A trailing wave of energy strengthens the northern part of the split later Sunday and brings some cool air and the best chance of accumulating snowfall through Monday morning. Due to the split flow and additional upstream energy, the snowfall forecast for Monday morning is uncertain, but at this point I would expect 4-8” for the President’s Day report as there is some cool, moist and unstable northwest flow for a time.
Unsettled weather will persist after a brief clearing later Monday behind the cool front as waves in the relatively warm Pacific airmass move over the area on Tuesday and early Wednesday.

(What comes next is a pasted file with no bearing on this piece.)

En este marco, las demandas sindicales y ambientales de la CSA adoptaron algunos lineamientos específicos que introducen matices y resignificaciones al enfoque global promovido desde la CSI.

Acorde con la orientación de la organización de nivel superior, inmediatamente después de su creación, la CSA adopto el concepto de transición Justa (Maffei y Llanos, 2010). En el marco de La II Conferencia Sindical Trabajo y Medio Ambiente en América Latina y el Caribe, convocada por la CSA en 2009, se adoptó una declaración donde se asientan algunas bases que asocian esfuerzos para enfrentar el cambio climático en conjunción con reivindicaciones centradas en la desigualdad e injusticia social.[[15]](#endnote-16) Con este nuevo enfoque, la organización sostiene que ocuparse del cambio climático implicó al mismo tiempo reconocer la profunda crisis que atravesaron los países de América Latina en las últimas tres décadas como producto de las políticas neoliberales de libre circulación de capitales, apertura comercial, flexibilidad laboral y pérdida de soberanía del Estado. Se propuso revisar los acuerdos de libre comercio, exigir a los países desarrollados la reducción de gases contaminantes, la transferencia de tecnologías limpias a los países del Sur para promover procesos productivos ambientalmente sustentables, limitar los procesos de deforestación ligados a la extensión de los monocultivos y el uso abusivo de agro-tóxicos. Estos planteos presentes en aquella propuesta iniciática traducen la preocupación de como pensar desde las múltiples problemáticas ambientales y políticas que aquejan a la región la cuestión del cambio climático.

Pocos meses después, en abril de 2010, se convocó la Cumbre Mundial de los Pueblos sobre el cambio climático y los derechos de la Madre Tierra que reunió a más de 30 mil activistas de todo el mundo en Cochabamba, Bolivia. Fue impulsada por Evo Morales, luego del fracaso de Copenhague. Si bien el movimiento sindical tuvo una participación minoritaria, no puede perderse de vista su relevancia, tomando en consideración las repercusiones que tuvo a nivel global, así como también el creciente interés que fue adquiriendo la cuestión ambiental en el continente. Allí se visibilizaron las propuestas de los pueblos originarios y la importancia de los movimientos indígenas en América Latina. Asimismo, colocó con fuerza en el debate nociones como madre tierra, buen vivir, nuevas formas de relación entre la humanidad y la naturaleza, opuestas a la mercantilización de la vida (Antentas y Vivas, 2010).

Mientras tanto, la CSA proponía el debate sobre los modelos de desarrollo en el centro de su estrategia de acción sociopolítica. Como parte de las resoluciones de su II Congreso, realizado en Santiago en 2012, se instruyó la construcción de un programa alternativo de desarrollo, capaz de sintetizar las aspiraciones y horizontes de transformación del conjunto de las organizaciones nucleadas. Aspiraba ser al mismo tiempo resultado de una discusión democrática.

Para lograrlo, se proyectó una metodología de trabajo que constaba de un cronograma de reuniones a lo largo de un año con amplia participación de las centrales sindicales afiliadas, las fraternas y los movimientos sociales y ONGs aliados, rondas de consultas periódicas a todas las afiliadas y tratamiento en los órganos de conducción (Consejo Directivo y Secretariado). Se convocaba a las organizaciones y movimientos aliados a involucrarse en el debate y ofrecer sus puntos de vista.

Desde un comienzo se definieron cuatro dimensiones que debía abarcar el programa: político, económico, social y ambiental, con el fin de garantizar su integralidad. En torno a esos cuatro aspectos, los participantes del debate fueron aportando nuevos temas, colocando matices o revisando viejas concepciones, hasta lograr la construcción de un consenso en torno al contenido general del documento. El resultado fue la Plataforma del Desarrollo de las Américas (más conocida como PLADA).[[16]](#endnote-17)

Meanwhile, a central Pacific ridge builds somewhere around the Bering Sea and the Gulf of Alaska, similar to patterns observed earlier in this winter season. Cold air from Siberia and the North Pole is forecast to slide southward along the east side of this ridge and begin a likely long-duration winter storm event starting later Wednesday and lasting into the weekend.
The specifics are highly uncertain as some of the cold air is forecast to move southwestward underneath the eastern Pacific ridge and merge with the branch of the Pacific jet stream that undercuts this ridge. If this pattern evolves similar to the pattern observed earlier in the season, which seems likely, then significant snows are possible as the moist Pacific jet stream once again battles the cold air from the northern latitudes over the western states. Current long-term forecasts have March arriving like a lion as this active period looks to last through at least the first week of March.